“I slept with faith and found a corpse in my arms on awakening; I drank and danced all night with doubt and found her a virgin in the morning.” —Aleister Crowley
“I can find no room in my cosmos for a deity save as a waste product of human weakness, the excrement of the imagination.” —George Norman Douglas
“An actually existent fly is more important than a possibly existent angel.” —Ralph Waldo Emerson
“Religious ideas have sprung from the same need as all the other achievements of culture: from the necessity for defending itself against the crushing supremacy of nature.” —Sigmund Freud
“O ye generations of Christ-deluded imbeciles! Ye swarms of moonstruck meeklings! Ye burnt out cinders of men! Ye blessing lambs! One day! One day! Ye shall be flung to the lions! Behold! I spit upon your Idols—your Opinions. Now would I pour molten hell through the ventricles of your soul.” —Ragnar Redbeard
“The idea of God is the sole wrong for which I cannot forgive mankind” —Marquis De Sade
“There is no god more divine than yourself.” —Walt Whitman
“I deny Jesus Christ, the Deceiver and I abjure the Christian Faith, holding in contempt all of it’s Works.” —King Diamond
At the end of World War II, Italian artist Lorenzo Alessandri opened up his first studio, naming it “Attic Macabre,” a clear indication of his artistic direction. It wasn’t until 1964 though, that he coined the term “Surfanta” (a portmanteau of surrealism and fantasy) to describe the movement he spearheaded—a wide-ranging genre of other-worldly creatures, horror, sex, mystery, occultism, and a healthy dose of religious and historical farce. He titled a magazine Surfanta, and you can even catch the word in the signage of his paintings, like morbid little Hidden Mickeys. The sheer diversity of his work makes it impossible to do a comprehensive retrospective, but I’ll cover a few of the weirdest highlights—pictures below are relatively safe for work, embedded links are… less so.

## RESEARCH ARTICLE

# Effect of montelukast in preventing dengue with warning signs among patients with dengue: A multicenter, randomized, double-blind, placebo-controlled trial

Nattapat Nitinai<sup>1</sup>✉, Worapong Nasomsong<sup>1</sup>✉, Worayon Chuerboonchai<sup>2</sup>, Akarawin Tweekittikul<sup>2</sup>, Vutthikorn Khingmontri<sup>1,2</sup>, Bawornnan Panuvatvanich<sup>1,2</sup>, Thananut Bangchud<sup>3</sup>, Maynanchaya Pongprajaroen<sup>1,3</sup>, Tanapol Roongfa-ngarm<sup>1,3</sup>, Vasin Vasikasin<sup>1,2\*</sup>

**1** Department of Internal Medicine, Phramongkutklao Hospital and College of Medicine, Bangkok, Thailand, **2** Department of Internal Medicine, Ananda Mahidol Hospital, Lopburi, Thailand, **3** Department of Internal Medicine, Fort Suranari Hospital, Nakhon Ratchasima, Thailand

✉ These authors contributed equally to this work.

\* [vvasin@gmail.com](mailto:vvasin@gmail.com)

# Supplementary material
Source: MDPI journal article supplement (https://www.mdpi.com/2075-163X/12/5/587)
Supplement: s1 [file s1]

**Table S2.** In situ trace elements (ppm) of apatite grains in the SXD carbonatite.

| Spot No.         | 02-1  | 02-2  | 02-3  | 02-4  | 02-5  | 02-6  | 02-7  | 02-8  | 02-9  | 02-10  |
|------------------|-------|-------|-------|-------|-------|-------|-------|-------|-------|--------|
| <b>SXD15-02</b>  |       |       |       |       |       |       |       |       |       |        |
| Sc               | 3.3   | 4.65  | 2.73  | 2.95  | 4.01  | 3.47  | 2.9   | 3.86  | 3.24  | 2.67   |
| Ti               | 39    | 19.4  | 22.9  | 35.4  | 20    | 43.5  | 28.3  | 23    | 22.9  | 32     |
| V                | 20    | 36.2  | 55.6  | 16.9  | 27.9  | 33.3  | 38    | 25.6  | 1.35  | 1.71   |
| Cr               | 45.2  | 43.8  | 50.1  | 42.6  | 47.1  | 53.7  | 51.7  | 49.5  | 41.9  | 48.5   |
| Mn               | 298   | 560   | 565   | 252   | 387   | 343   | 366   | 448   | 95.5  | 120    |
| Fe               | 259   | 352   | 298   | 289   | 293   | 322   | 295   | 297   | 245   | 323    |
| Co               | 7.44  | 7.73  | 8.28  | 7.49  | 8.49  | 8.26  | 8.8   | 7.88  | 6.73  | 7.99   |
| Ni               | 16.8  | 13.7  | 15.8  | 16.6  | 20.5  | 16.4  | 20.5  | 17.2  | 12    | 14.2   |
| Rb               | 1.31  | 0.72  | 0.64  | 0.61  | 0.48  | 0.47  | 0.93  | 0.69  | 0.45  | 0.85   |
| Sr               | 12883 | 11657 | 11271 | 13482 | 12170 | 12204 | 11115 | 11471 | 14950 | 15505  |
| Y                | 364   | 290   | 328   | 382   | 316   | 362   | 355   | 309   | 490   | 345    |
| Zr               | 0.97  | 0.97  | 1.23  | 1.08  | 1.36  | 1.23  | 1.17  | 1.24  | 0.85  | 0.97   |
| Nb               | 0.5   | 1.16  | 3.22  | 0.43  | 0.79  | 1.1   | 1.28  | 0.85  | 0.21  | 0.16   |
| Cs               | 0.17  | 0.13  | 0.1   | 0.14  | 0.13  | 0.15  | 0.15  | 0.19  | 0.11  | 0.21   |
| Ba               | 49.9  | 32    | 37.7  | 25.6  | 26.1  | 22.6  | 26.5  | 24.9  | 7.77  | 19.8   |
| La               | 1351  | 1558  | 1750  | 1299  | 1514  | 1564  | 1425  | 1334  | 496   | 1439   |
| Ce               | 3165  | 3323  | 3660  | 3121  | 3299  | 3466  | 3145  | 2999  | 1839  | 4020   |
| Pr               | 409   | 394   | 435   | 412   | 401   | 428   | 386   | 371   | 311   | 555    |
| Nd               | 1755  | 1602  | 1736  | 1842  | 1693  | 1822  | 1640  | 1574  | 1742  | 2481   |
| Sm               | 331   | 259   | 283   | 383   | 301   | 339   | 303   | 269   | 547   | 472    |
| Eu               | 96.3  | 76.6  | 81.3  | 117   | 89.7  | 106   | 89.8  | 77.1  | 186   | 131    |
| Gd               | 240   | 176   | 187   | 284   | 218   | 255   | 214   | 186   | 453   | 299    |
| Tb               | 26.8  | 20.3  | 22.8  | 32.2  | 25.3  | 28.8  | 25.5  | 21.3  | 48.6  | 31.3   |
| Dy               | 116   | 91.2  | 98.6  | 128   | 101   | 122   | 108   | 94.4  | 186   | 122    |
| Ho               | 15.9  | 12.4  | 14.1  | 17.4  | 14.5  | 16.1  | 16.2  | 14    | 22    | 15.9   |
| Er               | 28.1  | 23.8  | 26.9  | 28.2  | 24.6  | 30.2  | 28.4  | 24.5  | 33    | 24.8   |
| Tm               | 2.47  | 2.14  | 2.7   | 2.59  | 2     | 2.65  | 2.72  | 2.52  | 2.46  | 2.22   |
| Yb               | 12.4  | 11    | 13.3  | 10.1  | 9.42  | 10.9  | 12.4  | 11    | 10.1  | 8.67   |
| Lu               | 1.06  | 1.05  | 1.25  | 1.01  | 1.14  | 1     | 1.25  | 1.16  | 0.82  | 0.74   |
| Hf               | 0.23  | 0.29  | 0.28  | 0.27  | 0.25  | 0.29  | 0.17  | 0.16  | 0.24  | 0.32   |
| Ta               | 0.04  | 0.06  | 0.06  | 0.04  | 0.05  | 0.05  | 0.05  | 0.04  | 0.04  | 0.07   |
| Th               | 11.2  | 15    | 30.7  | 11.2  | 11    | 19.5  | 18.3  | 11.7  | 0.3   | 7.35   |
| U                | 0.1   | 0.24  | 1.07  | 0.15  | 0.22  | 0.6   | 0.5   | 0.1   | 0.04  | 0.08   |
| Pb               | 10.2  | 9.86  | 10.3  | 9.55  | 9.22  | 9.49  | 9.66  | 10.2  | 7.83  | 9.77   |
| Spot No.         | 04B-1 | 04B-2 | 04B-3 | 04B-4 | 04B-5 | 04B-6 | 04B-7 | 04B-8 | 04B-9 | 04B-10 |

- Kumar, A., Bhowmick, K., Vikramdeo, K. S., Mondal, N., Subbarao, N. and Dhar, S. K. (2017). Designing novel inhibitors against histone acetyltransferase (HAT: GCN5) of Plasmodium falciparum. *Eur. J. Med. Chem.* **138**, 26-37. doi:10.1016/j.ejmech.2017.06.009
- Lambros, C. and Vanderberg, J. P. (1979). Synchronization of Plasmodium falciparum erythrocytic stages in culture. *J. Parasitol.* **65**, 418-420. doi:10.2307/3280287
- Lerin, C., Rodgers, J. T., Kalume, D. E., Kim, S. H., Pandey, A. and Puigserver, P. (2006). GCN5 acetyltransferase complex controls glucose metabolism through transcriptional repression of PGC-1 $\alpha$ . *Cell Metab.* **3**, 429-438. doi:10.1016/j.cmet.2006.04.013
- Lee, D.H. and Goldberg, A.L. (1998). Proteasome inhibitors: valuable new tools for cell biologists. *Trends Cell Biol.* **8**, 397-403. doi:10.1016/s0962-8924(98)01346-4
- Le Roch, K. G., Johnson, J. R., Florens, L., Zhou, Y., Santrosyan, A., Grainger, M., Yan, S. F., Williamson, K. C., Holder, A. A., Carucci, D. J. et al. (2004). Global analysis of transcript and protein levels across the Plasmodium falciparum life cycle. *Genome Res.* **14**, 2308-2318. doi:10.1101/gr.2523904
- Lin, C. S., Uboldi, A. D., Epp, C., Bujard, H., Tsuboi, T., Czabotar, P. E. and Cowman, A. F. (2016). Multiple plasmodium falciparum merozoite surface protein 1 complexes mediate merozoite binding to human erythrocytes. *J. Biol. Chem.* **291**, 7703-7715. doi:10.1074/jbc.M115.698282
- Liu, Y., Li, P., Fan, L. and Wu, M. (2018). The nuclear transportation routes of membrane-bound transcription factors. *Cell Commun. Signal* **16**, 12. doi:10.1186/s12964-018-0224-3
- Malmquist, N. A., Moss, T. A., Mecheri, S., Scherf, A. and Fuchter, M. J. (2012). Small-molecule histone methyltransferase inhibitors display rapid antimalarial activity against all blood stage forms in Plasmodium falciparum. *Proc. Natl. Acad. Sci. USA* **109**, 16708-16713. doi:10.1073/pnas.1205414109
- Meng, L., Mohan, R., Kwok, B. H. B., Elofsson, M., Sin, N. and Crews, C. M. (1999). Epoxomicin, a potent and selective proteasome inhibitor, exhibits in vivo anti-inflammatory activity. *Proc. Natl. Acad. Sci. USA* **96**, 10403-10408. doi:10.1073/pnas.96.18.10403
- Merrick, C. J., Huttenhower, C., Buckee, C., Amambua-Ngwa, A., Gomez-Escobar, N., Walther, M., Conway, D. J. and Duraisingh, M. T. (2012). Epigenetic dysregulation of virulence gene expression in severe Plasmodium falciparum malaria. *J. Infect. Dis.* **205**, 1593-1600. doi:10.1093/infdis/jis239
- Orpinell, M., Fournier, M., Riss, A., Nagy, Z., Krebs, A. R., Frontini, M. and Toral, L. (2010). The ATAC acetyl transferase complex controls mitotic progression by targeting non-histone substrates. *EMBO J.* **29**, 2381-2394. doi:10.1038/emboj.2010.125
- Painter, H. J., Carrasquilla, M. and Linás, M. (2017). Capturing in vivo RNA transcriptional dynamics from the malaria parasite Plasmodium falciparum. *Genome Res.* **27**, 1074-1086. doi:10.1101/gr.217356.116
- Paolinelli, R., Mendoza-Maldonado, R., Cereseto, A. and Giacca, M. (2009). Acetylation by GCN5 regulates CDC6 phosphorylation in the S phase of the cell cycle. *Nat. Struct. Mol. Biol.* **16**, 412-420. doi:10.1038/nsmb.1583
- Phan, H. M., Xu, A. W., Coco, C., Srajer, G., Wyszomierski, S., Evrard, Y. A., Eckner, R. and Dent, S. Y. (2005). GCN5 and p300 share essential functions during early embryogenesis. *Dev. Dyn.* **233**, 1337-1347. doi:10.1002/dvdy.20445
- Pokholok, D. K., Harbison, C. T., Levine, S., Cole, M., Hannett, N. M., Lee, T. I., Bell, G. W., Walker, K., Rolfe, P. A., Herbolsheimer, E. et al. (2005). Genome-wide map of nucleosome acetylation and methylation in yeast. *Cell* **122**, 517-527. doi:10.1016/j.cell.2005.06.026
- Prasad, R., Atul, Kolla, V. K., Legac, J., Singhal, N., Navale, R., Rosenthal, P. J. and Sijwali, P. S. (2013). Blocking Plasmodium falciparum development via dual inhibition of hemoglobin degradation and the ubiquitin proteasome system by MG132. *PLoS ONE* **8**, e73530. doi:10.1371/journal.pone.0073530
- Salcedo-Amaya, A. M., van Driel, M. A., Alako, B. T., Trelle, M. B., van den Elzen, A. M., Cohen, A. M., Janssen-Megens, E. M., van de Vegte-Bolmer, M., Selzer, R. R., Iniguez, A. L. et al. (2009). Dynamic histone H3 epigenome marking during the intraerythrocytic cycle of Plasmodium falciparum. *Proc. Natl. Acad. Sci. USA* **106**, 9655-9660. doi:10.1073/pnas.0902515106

Throughout his career, Alessandri had a fascination with grotesque sexuality. He utilized a variety of subjects for the theme, including sentient genitals, anthropomorphic animals and horrifyingly lewd monsters. Not all of his prurient material was disgusting though—there was also his campy “groovy chick” phase, which often featured regular pin-up style ladies in surreal settings. Sometimes the babes themselves were psychedelic—often a shade of electric blue, and sometimes they hung out with his occult characters or his sex-monsters (though they stop short of doing anything hardcore).
In my opinion, Alessandri’s most fascinating and sophisticated work is his series of contemporary fantasy scenarios, which deal most readily with the politics and history of the modern world. The KKK lord over a naked woman before an atom bomb and a gorilla. Mona Lisa does a striptease before an animalian bourgeoisie (he also did a version where she had a penis). There’s also a ton of occult imagery. Airplanes piloted by skeletons (he loves those) roll by estates, landmarks and villages. Shadowy figures—perhaps demonic creatures or paranormal monks—are busy, perhaps frantic. The worlds he created are complex and mysterious—an inscrutable delight.
I eagerly await learning about Genesis Breyer P-Orridge’s researches into Vodun when Bight of the Twin comes out, because I am ham ignorant about this religion. Papa Legba is, I take it, the gatekeeper of the spirit world, and all attempts to communicate with the loa begin with prayers and offerings to him. Maybe, if you play this loud and often enough, he’ll pay you a visit tonight.
If you’re wondering why The Satanic Temple is hoping to house the titanic sculpture of Baphomet in Oklahoma’s State Capitol, let me clear that up for you. Although they have yet to be granted permission (and promise to sue the state if request is denied), TST wants Baphomet to sit next to the six-foot tall Ten Commandments statue (built with the help of “private” funding), that has stood on the grounds of the Oklahoma State Capitol since 2012. Coincidently, said statue was smashed up in 2014 by a guy who said he was acting on “Satan’s” orders. The statue was then restored and returned to its original spot at the Capitol. However, in an interesting turn of events late today, it looks like the controversial statue’s days are indeed numbered
Satan says SMASH!